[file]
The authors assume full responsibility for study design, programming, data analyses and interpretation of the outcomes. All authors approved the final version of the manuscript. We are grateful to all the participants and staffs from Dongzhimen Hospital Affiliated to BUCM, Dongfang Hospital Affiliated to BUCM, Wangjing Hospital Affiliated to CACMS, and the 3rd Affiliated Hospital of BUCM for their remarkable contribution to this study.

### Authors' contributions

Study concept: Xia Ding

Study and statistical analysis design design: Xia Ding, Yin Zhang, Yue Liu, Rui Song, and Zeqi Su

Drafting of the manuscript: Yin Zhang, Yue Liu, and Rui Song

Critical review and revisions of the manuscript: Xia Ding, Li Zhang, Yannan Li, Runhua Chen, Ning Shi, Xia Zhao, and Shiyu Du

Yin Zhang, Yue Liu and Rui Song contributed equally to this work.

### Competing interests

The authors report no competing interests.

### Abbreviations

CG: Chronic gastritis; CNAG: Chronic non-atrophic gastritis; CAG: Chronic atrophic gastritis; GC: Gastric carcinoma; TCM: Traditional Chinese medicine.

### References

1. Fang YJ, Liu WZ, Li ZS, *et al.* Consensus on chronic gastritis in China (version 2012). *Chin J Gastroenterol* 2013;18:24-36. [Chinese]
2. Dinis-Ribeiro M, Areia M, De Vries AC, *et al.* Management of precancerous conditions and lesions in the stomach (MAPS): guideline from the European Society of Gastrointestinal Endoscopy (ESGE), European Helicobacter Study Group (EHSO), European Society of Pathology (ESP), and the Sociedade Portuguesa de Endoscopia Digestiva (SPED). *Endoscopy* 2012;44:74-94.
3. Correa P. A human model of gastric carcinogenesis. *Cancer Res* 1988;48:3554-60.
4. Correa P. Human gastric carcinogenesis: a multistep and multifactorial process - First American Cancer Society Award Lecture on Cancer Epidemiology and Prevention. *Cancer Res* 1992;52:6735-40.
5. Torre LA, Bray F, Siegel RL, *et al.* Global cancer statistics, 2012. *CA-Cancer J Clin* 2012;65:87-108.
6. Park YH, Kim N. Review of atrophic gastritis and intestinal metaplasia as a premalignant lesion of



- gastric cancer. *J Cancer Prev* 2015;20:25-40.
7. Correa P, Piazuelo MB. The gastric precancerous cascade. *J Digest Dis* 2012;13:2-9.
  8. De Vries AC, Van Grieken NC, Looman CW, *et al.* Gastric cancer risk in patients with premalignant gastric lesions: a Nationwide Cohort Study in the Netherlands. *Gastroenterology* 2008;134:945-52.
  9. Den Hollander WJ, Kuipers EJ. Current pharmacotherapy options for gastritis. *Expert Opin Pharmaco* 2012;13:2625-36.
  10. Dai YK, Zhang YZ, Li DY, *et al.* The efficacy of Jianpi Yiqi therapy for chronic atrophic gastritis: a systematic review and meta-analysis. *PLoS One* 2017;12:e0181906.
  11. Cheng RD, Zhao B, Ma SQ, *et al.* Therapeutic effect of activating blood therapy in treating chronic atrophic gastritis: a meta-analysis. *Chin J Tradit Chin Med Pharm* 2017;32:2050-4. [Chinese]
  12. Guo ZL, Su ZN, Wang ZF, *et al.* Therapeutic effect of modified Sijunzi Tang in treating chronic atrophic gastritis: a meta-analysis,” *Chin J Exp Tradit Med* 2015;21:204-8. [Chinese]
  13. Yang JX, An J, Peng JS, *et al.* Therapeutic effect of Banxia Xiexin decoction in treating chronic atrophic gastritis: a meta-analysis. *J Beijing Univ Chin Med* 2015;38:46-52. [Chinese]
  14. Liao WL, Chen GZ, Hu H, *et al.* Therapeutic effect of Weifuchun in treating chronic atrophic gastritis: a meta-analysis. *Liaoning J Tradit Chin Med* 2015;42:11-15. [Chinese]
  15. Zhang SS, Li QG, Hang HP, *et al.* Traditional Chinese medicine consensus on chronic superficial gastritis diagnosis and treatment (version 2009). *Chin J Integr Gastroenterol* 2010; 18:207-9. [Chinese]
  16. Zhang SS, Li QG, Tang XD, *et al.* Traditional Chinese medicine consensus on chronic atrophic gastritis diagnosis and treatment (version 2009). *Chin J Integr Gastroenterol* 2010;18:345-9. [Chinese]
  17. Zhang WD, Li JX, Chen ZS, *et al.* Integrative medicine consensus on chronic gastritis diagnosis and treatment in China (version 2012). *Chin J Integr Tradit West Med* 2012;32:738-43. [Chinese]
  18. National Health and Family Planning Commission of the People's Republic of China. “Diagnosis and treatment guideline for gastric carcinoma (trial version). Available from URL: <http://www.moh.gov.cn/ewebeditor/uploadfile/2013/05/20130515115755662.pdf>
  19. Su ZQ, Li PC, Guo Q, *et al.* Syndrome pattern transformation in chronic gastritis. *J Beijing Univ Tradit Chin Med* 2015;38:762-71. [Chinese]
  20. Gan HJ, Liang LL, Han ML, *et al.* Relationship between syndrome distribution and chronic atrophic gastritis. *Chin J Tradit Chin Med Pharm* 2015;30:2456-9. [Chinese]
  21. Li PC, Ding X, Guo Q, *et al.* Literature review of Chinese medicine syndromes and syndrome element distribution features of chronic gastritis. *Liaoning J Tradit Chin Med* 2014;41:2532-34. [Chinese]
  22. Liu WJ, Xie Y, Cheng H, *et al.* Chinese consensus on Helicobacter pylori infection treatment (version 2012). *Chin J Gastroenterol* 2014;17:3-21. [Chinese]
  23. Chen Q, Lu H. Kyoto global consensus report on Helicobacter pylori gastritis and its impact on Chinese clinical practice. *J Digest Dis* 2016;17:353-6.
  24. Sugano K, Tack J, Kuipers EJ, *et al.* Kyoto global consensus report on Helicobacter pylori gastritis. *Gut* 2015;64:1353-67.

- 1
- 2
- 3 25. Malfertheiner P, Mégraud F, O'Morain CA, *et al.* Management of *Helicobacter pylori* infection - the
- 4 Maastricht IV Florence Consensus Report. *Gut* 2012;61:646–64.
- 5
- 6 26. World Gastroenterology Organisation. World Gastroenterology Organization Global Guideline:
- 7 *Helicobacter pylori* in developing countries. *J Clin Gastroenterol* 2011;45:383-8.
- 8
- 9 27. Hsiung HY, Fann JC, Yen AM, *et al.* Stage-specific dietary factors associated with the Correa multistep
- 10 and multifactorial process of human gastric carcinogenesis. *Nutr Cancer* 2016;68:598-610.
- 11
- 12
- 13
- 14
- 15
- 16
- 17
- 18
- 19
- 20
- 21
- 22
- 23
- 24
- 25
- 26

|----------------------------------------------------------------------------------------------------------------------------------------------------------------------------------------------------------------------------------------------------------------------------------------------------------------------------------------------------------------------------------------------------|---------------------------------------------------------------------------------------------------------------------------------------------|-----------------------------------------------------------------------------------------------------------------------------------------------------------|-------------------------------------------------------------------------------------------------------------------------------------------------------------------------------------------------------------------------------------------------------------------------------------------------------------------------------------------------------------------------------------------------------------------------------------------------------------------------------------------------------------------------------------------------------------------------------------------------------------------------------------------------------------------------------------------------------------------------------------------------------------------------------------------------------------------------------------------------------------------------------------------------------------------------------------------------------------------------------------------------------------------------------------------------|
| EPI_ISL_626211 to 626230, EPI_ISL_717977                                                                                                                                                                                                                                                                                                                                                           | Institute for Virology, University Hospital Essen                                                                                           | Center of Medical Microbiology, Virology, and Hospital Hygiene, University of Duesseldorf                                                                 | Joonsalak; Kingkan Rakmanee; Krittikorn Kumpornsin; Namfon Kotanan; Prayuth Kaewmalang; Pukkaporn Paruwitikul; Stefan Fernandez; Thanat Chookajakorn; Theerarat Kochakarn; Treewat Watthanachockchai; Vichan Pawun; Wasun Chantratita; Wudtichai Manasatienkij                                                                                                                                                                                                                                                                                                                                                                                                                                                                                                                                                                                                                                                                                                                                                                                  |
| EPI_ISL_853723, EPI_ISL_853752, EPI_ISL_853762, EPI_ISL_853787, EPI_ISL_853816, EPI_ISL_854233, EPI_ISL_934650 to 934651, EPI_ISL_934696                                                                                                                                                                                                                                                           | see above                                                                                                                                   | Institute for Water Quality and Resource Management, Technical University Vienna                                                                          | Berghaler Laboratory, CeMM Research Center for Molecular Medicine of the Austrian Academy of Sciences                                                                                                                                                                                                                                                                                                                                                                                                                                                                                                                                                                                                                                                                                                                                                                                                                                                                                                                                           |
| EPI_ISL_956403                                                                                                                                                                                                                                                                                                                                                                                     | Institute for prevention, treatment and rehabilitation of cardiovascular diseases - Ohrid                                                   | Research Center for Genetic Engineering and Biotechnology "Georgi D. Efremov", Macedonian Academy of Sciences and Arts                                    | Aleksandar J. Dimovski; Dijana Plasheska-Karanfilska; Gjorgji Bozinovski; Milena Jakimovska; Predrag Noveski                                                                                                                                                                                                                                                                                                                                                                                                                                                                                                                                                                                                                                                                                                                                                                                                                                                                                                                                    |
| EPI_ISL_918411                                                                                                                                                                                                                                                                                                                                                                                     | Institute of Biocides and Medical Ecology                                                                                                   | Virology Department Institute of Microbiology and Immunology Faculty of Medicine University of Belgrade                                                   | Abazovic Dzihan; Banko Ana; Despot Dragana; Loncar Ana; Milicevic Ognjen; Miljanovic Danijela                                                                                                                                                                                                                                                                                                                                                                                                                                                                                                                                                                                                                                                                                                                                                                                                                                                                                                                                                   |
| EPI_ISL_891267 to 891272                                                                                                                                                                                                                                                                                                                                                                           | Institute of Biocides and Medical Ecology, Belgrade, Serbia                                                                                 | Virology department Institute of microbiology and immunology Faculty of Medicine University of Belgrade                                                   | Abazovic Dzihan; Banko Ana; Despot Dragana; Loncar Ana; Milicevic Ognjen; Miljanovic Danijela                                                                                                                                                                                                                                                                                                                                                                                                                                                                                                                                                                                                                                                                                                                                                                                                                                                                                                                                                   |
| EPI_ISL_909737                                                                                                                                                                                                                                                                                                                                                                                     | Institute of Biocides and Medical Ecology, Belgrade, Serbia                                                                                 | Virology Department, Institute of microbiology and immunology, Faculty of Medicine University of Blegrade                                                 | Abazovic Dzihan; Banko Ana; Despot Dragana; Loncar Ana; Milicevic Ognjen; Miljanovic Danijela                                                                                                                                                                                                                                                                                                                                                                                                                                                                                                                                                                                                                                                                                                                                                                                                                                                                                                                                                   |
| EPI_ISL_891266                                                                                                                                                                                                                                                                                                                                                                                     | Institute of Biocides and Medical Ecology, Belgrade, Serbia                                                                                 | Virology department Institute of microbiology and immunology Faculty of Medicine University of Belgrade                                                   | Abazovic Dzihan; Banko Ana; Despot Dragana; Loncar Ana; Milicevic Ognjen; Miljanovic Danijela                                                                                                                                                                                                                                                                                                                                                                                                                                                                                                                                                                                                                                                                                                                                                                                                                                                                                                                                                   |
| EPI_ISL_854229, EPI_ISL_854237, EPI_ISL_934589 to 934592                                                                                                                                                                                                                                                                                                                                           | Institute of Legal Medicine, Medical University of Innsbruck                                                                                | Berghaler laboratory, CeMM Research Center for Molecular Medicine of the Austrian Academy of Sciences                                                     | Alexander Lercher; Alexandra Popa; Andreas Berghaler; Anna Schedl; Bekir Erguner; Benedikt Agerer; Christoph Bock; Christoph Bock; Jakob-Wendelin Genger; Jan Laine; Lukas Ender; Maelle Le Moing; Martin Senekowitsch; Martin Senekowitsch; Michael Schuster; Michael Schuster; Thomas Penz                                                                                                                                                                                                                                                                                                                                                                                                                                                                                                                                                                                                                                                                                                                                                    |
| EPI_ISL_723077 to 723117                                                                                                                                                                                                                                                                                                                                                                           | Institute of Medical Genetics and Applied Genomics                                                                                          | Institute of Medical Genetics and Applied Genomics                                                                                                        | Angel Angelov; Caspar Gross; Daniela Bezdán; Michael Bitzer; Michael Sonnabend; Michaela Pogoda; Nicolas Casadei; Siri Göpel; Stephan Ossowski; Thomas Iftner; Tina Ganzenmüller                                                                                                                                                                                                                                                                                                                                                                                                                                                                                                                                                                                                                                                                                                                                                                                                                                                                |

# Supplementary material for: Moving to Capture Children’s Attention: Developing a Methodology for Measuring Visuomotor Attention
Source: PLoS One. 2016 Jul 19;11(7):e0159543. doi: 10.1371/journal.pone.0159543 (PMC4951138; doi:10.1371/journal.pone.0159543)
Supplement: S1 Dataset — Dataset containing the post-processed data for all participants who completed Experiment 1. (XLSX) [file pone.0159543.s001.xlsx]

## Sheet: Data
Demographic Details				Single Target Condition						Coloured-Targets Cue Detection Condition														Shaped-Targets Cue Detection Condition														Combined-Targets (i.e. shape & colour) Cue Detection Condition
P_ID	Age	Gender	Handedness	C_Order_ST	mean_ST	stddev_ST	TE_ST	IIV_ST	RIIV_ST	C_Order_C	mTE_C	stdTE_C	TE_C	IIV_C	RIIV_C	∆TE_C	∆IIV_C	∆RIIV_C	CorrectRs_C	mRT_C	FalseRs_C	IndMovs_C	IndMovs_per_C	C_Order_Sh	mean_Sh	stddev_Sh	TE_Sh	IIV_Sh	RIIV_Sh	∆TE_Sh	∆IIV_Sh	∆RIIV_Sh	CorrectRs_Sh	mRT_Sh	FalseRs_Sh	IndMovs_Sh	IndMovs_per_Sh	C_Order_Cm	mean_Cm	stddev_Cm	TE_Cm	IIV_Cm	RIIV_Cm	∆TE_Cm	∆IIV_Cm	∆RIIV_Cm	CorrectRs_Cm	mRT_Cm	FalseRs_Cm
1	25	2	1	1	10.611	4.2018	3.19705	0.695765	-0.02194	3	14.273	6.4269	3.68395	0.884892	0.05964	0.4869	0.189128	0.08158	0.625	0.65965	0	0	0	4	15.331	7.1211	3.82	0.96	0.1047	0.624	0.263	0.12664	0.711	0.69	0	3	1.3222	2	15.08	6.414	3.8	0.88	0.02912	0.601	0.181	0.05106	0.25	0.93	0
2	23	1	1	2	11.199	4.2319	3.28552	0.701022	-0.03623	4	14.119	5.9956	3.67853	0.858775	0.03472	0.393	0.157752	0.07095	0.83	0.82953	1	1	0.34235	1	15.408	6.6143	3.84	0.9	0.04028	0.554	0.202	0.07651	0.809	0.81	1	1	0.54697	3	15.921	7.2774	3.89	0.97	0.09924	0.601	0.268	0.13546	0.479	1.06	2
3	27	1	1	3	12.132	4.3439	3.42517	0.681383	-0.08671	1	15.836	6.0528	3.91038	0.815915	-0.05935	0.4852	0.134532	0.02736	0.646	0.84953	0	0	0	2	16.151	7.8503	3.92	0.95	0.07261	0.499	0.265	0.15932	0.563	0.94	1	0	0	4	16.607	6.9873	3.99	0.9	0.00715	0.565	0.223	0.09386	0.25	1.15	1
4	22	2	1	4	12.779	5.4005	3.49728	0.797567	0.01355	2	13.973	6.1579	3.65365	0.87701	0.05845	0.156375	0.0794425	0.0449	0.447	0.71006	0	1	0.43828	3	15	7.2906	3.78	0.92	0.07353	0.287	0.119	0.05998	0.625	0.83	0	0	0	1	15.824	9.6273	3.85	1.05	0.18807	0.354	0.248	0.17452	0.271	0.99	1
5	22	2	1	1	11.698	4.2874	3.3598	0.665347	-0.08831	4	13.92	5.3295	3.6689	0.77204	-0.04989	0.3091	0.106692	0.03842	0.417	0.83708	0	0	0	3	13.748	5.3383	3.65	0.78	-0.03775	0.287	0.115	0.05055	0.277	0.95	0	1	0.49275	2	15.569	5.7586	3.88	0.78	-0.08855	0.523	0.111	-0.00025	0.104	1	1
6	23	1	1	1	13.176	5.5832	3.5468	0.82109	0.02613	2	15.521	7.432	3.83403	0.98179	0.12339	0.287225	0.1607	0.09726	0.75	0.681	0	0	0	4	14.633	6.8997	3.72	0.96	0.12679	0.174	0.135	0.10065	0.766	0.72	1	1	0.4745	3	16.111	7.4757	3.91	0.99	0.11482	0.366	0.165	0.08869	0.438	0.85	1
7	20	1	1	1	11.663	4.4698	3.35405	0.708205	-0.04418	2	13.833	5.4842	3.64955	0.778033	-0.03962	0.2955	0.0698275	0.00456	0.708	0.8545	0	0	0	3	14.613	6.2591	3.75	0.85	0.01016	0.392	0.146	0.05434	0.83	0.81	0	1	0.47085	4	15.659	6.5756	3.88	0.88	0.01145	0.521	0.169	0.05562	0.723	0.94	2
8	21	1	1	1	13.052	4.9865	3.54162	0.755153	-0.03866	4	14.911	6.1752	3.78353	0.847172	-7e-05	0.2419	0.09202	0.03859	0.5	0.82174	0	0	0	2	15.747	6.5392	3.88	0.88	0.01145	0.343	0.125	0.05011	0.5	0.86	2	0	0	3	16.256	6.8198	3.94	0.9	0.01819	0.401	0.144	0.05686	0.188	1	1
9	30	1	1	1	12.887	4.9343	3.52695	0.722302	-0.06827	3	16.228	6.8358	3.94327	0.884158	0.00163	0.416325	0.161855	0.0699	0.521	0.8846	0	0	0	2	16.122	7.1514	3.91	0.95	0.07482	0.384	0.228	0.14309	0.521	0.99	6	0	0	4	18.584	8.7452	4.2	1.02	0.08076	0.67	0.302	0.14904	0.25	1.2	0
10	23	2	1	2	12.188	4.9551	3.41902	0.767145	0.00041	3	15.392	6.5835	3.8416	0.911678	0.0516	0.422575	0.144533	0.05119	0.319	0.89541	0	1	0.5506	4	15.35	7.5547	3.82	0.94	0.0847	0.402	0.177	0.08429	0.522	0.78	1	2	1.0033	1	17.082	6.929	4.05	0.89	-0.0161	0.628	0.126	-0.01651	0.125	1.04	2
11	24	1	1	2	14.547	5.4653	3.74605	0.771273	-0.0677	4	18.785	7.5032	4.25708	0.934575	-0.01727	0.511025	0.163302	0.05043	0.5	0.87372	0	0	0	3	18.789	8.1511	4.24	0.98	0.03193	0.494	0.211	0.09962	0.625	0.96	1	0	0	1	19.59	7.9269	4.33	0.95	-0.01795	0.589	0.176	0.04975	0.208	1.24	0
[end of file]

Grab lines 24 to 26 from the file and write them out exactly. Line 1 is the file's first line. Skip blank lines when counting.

  11. Cheng RD, Zhao B, Ma SQ, *et al.* Therapeutic effect of activating blood therapy in treating chronic atrophic gastritis: a meta-analysis. *Chin J Tradit Chin Med Pharm* 2017;32:2050-4. [Chinese]
  12. Guo ZL, Su ZN, Wang ZF, *et al.* Therapeutic effect of modified Sijunzi Tang in treating chronic atrophic gastritis: a meta-analysis,” *Chin J Exp Tradit Med* 2015;21:204-8. [Chinese]
  13. Yang JX, An J, Peng JS, *et al.* Therapeutic effect of Banxia Xiexin decoction in treating chronic atrophic gastritis: a meta-analysis. *J Beijing Univ Chin Med* 2015;38:46-52. [Chinese]